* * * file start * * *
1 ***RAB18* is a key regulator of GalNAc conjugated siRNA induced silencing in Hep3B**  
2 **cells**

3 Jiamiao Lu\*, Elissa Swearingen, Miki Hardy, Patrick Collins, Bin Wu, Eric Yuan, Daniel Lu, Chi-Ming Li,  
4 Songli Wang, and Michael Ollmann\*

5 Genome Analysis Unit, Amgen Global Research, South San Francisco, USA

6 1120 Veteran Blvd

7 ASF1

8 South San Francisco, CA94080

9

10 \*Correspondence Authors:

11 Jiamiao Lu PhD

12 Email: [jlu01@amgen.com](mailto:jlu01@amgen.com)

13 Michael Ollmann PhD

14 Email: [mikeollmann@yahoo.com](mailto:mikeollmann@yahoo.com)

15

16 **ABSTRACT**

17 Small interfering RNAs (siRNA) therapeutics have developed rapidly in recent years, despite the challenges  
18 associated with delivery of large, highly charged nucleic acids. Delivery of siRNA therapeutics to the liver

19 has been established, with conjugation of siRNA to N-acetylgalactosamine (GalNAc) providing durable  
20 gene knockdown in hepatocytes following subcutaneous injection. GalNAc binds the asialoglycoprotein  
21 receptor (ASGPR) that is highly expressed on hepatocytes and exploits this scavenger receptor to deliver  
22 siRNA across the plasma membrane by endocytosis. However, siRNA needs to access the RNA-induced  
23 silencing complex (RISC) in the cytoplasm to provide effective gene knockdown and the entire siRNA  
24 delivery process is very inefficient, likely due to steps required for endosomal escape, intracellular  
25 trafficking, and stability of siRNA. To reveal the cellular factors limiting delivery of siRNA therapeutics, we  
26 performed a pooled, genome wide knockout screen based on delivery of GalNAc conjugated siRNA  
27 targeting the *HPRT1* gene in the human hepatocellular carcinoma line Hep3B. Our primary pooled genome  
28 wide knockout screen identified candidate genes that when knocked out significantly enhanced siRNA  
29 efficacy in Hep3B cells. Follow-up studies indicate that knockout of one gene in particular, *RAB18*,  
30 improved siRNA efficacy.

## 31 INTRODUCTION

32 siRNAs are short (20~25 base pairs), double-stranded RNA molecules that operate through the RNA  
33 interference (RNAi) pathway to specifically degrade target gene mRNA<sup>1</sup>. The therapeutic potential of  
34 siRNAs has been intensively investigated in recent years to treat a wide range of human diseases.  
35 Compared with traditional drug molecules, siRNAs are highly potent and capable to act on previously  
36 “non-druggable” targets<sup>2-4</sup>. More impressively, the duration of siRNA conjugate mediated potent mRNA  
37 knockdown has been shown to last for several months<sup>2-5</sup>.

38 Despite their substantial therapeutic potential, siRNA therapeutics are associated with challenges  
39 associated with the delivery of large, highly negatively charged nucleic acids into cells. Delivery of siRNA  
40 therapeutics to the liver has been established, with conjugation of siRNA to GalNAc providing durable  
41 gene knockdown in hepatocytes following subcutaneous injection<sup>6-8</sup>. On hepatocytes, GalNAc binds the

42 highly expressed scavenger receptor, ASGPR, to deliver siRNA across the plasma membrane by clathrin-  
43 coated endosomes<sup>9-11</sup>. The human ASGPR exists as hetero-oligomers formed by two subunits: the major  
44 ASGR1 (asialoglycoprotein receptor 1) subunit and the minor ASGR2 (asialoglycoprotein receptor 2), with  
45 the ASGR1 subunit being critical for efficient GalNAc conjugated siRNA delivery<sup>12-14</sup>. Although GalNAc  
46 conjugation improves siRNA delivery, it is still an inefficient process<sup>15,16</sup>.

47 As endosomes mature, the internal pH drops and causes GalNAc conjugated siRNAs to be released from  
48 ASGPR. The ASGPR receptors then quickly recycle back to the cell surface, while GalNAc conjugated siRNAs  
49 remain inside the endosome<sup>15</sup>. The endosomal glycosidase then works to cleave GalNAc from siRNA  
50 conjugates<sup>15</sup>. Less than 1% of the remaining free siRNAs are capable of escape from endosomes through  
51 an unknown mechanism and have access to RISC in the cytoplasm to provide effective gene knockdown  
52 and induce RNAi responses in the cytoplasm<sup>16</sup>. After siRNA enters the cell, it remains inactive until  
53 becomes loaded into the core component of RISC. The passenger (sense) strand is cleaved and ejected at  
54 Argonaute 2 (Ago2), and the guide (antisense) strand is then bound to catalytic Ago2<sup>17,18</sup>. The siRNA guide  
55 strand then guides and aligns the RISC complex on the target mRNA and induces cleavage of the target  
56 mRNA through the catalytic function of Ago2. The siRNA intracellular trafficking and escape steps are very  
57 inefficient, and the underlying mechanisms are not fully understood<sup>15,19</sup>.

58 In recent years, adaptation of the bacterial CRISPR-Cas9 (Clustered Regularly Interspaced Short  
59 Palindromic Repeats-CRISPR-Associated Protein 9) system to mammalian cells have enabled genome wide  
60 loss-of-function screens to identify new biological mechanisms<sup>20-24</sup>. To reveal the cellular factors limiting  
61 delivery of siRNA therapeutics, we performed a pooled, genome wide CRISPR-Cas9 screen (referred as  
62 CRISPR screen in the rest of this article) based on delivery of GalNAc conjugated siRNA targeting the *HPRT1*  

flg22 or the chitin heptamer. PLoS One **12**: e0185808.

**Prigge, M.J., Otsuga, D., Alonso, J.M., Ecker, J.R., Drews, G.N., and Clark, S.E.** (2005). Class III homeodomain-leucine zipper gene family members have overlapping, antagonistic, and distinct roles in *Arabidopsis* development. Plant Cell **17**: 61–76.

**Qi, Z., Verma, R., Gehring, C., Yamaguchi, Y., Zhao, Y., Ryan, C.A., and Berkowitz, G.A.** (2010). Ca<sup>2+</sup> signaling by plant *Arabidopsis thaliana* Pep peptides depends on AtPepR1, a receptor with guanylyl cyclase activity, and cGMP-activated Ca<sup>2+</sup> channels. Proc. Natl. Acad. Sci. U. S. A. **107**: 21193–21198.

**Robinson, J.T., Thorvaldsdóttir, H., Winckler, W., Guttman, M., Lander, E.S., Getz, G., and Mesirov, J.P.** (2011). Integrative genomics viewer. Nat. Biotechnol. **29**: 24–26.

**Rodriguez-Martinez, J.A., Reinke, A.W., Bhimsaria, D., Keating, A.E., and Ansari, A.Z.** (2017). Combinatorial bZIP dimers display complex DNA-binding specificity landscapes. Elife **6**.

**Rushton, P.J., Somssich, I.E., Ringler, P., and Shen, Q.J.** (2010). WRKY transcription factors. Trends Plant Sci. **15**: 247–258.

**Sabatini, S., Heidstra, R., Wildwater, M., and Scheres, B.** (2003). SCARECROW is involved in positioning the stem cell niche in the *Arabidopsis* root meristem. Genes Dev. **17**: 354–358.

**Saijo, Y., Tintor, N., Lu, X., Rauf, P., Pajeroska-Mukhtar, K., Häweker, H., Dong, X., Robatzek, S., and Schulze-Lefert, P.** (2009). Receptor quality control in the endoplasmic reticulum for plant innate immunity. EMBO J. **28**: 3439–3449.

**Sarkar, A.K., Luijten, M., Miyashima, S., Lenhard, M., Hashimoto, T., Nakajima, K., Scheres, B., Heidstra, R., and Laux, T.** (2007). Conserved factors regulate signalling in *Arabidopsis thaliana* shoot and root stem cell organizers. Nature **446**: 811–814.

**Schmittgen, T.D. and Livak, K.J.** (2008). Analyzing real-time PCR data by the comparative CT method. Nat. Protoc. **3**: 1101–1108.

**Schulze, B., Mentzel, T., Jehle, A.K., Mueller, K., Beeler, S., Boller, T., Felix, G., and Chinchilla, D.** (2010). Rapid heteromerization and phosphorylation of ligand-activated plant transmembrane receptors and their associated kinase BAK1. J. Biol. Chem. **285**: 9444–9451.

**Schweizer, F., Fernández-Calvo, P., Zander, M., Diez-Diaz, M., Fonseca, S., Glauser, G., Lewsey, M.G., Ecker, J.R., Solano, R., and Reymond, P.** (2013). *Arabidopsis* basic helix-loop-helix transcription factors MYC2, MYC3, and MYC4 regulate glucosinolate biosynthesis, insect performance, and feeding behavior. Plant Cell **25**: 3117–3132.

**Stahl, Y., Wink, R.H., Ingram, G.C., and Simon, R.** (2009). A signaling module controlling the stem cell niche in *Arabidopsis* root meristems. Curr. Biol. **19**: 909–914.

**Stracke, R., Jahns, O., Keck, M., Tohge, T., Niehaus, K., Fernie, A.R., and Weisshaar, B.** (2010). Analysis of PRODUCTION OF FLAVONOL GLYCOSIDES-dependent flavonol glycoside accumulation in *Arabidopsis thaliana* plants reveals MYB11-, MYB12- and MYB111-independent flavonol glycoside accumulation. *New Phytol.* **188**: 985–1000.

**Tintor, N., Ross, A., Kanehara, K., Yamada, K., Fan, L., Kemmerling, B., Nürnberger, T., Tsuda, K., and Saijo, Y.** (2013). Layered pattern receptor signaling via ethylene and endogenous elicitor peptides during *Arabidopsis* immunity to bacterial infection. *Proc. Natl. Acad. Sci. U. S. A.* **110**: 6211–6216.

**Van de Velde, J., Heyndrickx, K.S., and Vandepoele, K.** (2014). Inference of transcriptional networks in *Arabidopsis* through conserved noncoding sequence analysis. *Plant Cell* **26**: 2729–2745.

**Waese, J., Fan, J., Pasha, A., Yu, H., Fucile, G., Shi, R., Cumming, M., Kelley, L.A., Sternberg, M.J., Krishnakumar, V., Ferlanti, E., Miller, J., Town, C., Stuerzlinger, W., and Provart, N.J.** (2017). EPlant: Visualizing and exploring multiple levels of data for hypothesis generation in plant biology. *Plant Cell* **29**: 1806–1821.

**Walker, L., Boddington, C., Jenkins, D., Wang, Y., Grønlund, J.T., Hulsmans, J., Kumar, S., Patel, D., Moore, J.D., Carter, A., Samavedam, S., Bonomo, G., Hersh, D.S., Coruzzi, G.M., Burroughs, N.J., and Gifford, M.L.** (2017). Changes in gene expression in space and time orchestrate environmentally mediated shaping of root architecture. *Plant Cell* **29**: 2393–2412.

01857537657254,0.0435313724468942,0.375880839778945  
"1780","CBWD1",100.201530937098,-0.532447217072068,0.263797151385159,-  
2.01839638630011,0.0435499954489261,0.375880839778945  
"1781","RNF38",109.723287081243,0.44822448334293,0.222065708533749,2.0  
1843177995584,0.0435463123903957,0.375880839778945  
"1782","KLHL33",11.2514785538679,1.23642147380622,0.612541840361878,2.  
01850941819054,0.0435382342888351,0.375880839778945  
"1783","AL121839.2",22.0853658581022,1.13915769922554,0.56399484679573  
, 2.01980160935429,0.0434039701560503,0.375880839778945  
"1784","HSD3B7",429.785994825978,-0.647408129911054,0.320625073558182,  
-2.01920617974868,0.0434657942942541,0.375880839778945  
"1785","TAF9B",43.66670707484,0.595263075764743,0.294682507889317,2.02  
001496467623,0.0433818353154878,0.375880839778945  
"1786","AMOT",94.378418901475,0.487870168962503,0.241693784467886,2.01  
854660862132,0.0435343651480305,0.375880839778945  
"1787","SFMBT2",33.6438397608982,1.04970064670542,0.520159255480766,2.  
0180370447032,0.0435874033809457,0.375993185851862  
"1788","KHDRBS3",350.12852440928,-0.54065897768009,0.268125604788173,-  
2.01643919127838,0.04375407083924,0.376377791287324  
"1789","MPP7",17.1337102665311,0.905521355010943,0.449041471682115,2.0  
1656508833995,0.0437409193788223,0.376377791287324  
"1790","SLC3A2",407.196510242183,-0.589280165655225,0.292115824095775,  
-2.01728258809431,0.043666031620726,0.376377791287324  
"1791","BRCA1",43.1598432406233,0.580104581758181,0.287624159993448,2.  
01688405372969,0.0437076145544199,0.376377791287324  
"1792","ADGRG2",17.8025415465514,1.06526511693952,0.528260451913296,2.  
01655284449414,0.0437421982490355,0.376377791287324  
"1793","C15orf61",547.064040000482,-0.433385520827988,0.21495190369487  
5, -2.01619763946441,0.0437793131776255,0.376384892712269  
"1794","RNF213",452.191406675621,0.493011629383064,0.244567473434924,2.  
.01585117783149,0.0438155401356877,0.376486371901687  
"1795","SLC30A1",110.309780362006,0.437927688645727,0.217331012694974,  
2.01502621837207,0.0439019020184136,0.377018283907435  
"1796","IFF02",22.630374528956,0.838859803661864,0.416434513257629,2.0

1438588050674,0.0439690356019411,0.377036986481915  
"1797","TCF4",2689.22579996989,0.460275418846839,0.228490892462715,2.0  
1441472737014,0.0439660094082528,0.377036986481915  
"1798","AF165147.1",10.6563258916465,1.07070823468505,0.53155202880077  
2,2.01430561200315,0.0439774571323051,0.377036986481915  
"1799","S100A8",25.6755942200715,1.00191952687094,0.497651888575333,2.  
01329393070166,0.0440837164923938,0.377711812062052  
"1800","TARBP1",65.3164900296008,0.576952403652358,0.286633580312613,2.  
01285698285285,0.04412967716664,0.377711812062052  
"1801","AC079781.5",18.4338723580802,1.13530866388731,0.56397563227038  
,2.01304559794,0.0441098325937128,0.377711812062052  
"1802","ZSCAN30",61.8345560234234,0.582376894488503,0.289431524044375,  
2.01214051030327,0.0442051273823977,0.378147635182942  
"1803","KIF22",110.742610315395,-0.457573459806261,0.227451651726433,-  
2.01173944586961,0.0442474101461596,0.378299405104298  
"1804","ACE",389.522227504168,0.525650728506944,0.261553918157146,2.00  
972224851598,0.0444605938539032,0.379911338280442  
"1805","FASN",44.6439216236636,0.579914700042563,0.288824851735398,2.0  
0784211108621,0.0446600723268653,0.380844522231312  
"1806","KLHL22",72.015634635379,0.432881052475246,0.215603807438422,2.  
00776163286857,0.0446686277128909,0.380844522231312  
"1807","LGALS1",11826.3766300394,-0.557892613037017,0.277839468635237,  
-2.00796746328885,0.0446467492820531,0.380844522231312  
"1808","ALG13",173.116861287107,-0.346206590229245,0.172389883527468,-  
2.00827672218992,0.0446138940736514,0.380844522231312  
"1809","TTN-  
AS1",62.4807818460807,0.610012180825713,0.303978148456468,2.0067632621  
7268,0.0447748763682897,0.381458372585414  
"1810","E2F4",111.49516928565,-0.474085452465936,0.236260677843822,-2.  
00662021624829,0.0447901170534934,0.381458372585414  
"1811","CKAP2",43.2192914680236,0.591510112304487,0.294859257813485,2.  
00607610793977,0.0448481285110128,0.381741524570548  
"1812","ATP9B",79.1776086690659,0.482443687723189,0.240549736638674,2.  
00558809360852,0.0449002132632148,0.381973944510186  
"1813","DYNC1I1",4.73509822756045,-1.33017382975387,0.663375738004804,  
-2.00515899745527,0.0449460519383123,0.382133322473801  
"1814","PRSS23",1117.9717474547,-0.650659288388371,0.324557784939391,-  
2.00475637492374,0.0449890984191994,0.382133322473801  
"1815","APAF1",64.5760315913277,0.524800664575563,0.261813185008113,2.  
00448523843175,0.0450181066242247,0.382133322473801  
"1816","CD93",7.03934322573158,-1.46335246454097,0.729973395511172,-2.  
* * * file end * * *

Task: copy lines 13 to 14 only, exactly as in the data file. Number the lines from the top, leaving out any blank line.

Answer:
13 Michael Ollmann PhD

14 Email: [mikeollmann@yahoo.com](mailto:mikeollmann@yahoo.com)